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A minority of companies are still living in a &lsquo;coupled&rsquo; relationship where creativity and production are controlled by agencies and the purchasing department has no input. However, the benefit of getting a procurement perspective on agency relationships has been realized by some, with purchasers offering advice on matters like service level agreements and pricing.&nbsp;</p>
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Additional cost savings have been made through de-coupling certain production disciplines, including media and pre-press. While a number of companies are lingering at this level of maturity, some have taken the idea further into a fully de-coupled model. In this situation, marketing retains its relationships with its agencies but purchasing has a holistic view of not just pre-press and media but spend for all channels including TV and print.</p>
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Though the majority of brands are currently operating under this fully de-coupled model, it is not necessarily the most cost-effective way of working. A small number of forward-looking companies are starting to move full circle into a &lsquo;re-coupled&rsquo; model. This entails full categorization and consolidation across procurement channels, full visibility of spend and the use of a single supplier for production, ensuring maximum economy of scale and value. &nbsp;</p>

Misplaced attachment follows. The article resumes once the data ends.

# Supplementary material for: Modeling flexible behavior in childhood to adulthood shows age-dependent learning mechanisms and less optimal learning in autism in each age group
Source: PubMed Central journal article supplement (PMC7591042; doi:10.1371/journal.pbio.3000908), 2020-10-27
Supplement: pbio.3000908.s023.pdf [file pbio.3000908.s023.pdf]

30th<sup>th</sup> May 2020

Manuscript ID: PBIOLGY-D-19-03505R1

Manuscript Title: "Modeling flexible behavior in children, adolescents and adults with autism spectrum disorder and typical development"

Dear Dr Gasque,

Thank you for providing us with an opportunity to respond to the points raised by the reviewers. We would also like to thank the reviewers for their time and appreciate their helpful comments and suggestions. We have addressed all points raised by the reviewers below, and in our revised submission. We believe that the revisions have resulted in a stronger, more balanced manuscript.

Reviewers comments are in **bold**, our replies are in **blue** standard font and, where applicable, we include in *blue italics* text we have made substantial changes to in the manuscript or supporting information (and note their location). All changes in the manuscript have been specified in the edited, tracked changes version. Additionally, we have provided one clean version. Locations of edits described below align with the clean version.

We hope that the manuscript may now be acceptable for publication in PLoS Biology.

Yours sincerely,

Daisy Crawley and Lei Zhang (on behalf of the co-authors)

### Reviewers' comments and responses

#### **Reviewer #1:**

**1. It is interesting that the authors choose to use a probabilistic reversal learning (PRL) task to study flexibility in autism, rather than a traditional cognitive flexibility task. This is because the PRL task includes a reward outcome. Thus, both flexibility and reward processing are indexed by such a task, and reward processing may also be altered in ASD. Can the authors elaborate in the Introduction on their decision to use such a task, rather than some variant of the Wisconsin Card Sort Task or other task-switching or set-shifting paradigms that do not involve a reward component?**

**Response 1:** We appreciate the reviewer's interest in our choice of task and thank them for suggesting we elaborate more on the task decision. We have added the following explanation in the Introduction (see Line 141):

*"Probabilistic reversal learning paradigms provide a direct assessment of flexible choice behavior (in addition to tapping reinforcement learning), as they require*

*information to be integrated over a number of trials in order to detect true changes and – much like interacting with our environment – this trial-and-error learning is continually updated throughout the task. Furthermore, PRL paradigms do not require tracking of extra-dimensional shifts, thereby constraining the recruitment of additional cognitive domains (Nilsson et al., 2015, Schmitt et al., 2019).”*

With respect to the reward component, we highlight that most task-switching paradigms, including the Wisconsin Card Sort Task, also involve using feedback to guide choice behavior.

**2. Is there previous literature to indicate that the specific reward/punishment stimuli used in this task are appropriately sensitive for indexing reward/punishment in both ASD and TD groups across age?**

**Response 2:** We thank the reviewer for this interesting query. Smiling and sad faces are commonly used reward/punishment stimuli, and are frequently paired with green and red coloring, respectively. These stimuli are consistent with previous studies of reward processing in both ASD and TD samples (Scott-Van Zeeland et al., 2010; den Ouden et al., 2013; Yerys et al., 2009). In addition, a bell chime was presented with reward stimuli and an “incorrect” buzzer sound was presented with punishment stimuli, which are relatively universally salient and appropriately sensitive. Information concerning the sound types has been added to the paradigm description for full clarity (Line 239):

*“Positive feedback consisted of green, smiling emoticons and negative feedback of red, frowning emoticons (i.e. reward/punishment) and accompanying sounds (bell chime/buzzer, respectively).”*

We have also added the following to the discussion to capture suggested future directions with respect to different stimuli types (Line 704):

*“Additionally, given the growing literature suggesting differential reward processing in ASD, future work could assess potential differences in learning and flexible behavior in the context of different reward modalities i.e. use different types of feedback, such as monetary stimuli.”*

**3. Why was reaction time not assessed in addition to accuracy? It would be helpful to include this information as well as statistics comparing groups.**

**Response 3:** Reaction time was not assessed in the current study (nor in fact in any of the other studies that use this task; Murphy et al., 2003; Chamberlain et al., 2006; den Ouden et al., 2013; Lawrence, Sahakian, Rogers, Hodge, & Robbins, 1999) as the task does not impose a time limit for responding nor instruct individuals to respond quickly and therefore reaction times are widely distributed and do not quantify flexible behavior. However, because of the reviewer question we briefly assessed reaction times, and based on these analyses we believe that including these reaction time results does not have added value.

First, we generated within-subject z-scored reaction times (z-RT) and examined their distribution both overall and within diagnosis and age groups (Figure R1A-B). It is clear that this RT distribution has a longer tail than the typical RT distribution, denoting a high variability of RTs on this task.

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As with anything new, an innovation curve will see a small group of early adopters taking up the initiative, followed by a delayed interest from organizations that prefer to wait for evidence of the promised benefits. Purchasers need to decide if their business can afford to be a laggard or whether they will be one of the first to reap the rewards of re-coupling. &nbsp;</p>